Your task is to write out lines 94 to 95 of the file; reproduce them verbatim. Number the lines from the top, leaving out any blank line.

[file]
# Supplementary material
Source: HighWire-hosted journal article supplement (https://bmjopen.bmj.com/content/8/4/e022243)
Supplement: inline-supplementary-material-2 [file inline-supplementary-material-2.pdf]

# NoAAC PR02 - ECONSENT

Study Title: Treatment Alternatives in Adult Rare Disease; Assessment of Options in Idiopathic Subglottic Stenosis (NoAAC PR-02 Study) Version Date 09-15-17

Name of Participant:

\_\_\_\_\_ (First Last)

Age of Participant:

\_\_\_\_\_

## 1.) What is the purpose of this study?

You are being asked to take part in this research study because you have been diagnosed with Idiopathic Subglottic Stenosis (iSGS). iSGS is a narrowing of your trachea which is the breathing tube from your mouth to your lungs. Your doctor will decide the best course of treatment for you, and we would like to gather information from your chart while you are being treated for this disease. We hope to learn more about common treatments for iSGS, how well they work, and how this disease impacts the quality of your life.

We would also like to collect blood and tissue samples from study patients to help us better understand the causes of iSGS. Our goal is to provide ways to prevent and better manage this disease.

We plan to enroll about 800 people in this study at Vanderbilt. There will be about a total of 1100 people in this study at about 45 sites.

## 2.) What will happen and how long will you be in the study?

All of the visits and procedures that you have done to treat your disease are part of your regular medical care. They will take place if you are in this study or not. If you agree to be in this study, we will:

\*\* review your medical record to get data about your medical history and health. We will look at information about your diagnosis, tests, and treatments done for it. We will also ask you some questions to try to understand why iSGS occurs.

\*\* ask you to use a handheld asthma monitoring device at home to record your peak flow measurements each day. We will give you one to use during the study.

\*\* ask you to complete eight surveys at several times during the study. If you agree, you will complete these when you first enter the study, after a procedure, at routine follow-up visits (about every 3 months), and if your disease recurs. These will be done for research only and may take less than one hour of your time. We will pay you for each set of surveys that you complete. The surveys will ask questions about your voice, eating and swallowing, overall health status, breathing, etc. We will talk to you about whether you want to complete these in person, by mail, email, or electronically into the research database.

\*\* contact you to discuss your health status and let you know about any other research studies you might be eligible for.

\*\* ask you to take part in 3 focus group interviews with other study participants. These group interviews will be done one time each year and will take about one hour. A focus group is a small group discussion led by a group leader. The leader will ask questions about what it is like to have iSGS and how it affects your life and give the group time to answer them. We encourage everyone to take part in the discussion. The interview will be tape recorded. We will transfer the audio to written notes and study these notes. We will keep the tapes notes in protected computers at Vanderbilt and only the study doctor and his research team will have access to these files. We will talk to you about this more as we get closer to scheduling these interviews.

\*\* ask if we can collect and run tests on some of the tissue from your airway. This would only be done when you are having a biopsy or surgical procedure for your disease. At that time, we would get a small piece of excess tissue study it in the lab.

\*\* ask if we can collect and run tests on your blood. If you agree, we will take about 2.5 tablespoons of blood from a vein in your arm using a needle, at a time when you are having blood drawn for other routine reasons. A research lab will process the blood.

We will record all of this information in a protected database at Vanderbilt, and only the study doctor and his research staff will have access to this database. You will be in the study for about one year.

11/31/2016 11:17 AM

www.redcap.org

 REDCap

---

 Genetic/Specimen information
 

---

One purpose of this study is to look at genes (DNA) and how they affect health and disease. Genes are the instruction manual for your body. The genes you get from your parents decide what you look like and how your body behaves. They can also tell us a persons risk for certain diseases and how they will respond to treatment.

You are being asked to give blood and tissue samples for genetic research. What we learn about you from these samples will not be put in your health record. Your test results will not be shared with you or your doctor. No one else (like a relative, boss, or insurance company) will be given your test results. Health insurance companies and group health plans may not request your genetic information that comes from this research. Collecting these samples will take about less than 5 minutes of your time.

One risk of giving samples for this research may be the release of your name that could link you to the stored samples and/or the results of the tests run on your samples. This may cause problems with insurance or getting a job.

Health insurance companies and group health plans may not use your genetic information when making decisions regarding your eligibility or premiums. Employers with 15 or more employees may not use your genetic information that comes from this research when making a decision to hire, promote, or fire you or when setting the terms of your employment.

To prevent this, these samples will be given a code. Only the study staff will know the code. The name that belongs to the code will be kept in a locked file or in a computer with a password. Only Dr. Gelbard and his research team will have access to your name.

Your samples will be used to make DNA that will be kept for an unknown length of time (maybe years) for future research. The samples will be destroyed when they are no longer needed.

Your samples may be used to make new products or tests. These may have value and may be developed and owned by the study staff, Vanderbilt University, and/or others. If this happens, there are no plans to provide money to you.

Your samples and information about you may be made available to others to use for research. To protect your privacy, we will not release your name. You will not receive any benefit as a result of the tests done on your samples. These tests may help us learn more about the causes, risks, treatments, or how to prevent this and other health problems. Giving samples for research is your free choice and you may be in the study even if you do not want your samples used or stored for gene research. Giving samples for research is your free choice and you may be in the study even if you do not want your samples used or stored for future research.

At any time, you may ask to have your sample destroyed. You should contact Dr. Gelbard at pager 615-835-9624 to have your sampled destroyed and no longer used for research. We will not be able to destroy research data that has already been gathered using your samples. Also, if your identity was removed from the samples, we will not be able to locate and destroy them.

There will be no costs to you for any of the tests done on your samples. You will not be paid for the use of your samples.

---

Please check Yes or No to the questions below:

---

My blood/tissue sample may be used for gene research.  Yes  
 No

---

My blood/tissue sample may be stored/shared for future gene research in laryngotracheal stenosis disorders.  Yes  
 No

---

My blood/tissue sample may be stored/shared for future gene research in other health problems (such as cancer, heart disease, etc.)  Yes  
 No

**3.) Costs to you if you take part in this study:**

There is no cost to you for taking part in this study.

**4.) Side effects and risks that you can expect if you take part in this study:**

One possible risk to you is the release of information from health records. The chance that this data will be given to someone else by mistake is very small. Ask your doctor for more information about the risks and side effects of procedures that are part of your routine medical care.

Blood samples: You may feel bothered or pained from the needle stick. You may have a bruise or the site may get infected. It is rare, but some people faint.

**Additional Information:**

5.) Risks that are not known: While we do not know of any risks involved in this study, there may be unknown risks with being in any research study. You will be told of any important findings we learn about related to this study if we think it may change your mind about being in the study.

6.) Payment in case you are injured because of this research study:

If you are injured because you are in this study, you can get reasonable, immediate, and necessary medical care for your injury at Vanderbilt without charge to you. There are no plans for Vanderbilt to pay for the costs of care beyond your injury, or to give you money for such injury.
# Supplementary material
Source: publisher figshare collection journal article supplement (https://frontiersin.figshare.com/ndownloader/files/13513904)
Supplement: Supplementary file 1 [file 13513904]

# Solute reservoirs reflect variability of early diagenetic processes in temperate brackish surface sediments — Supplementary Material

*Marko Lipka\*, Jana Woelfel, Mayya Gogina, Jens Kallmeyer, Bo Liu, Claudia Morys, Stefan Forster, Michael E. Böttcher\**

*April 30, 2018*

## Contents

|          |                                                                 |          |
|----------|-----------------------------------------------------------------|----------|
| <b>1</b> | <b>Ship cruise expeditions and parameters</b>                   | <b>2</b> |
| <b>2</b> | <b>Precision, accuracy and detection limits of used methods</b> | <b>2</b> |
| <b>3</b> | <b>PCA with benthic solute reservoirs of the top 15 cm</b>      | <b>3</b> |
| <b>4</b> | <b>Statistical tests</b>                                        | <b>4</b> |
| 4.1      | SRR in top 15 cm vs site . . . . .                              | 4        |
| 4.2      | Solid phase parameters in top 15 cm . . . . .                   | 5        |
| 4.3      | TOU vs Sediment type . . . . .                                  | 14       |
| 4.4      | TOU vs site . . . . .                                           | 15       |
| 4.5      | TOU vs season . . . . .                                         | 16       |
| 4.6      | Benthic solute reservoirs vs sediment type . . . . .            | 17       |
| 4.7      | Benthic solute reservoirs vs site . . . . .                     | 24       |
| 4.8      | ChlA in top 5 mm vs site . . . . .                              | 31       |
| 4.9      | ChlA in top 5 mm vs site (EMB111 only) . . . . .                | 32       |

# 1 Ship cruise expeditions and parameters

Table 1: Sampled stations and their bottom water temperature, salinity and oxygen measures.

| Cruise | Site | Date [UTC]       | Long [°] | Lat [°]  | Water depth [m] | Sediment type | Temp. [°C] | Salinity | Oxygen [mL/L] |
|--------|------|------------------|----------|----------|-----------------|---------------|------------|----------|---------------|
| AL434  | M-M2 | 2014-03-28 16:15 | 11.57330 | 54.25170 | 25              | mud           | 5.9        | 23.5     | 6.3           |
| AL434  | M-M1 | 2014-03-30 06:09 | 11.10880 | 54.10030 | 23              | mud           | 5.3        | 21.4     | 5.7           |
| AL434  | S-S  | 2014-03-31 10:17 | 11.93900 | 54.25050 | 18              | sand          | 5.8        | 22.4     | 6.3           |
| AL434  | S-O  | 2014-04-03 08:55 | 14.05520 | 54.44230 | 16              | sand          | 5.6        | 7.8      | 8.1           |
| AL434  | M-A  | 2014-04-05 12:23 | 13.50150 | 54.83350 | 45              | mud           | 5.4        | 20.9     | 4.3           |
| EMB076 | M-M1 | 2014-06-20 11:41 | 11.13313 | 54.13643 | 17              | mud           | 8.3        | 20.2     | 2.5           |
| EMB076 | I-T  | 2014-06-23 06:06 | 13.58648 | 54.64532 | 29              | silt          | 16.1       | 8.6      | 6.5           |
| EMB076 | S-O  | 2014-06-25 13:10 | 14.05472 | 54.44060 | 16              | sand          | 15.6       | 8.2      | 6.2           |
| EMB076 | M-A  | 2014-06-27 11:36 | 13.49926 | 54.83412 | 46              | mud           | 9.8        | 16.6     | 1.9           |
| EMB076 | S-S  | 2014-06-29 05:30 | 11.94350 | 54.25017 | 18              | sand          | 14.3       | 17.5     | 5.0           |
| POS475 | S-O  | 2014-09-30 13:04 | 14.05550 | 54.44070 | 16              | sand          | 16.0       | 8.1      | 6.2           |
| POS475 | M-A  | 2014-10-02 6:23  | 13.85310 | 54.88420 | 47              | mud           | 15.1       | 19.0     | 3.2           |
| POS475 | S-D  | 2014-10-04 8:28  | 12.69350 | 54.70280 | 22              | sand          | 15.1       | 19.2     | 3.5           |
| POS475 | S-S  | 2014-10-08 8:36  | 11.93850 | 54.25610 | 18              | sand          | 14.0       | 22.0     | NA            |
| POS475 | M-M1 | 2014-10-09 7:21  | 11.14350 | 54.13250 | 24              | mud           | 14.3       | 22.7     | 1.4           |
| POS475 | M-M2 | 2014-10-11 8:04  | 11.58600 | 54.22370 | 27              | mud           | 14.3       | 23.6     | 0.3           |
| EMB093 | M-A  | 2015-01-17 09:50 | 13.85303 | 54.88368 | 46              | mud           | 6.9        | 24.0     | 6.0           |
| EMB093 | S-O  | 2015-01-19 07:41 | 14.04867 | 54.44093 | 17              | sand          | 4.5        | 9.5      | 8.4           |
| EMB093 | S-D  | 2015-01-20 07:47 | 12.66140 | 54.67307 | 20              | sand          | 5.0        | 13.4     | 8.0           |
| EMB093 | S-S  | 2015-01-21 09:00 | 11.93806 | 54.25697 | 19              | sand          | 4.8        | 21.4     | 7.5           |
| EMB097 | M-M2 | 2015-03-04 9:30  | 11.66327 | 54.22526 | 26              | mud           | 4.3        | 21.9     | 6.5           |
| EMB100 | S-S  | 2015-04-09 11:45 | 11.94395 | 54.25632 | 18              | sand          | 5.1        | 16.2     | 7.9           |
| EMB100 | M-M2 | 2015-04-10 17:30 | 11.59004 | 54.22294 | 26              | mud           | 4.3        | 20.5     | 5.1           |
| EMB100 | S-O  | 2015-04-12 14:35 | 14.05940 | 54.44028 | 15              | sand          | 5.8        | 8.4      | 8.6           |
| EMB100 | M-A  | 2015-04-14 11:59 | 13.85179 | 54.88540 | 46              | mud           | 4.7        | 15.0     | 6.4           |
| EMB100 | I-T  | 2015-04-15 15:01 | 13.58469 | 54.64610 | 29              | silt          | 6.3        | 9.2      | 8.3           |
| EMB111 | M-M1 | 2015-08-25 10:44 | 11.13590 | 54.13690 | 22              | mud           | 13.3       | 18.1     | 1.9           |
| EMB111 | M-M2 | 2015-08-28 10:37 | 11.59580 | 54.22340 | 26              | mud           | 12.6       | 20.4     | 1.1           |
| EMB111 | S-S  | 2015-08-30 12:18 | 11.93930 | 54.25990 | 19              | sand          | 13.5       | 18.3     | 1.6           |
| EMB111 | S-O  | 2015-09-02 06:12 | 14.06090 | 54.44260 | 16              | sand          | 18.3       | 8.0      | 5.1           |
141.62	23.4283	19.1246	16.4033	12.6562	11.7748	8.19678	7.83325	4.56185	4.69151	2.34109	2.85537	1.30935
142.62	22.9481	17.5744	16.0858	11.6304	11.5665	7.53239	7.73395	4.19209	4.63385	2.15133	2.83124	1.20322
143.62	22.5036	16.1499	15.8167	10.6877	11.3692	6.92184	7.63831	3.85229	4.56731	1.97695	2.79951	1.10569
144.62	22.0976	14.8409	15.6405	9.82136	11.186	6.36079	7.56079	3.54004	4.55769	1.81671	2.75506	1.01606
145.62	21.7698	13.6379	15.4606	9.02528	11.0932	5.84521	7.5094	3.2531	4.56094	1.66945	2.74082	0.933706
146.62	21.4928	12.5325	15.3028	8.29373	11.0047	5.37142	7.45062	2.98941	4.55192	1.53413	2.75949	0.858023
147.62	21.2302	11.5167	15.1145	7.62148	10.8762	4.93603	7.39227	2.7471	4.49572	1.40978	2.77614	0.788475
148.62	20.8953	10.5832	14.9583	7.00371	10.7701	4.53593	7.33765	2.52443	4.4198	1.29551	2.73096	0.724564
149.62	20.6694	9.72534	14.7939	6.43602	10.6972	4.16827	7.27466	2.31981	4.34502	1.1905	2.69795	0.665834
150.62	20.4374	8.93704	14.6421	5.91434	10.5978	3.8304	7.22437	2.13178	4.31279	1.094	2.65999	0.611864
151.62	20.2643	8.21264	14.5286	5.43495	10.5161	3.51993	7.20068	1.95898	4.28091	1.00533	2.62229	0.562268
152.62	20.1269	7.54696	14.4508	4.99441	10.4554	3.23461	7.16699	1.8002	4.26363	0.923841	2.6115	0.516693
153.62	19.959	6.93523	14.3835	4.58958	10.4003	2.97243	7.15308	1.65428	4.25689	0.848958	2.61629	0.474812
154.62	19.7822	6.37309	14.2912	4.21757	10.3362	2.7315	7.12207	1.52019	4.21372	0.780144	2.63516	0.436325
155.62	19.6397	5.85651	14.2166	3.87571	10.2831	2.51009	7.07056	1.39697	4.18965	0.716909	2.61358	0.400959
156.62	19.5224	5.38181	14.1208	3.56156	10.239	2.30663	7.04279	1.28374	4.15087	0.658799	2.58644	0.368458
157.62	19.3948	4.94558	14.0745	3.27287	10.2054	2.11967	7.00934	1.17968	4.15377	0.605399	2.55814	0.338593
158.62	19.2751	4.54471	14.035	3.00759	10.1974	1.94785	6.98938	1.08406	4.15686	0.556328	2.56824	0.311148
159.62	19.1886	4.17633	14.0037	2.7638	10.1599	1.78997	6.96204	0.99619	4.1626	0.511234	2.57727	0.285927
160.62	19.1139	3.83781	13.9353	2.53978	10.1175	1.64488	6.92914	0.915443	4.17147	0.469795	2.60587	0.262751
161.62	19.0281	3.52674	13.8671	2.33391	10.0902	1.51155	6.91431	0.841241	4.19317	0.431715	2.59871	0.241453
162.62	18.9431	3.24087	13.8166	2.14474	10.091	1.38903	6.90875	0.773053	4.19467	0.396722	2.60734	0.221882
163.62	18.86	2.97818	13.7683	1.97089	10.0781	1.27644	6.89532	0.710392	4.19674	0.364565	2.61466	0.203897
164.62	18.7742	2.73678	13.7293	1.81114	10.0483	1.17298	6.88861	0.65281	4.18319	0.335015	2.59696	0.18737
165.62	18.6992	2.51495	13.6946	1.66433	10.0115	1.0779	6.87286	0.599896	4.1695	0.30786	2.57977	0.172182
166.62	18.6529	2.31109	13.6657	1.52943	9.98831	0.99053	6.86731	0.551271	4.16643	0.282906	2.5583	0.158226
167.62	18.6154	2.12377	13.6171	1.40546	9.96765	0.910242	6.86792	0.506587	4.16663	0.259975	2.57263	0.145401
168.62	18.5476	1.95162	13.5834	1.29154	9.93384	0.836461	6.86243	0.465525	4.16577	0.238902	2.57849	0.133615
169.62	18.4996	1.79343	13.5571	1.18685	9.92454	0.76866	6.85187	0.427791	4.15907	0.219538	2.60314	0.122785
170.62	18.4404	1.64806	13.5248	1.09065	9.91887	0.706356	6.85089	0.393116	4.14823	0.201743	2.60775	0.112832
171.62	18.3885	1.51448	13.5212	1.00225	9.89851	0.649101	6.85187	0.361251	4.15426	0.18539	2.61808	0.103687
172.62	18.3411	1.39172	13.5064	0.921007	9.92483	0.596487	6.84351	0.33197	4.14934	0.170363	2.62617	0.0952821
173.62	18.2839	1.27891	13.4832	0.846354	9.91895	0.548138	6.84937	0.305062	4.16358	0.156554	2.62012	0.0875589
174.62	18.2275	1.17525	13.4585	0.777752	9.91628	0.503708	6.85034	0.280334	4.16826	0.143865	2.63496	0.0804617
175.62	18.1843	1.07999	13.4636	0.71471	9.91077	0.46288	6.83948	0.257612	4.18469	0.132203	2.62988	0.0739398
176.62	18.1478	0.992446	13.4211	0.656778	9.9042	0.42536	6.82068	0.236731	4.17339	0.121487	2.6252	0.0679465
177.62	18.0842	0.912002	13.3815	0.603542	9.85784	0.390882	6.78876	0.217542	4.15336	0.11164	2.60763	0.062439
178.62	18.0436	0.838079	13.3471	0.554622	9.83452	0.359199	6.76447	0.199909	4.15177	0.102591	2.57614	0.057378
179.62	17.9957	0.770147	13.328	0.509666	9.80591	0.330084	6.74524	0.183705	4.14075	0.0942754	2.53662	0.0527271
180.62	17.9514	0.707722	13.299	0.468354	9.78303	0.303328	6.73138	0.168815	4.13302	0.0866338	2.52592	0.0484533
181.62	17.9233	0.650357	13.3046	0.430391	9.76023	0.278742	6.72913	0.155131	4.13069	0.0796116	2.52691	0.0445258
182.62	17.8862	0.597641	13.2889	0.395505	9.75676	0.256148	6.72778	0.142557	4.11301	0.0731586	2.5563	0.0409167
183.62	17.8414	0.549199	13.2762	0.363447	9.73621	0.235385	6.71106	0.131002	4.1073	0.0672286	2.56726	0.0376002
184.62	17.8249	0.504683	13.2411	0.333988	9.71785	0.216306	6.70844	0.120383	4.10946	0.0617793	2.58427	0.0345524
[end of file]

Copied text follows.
| EMB076 | M-A  | 2014-06-27 11:36 | 13.49926 | 54.83412 | 46              | mud           | 9.8        | 16.6     | 1.9           |
| EMB076 | S-S  | 2014-06-29 05:30 | 11.94350 | 54.25017 | 18              | sand          | 14.3       | 17.5     | 5.0           |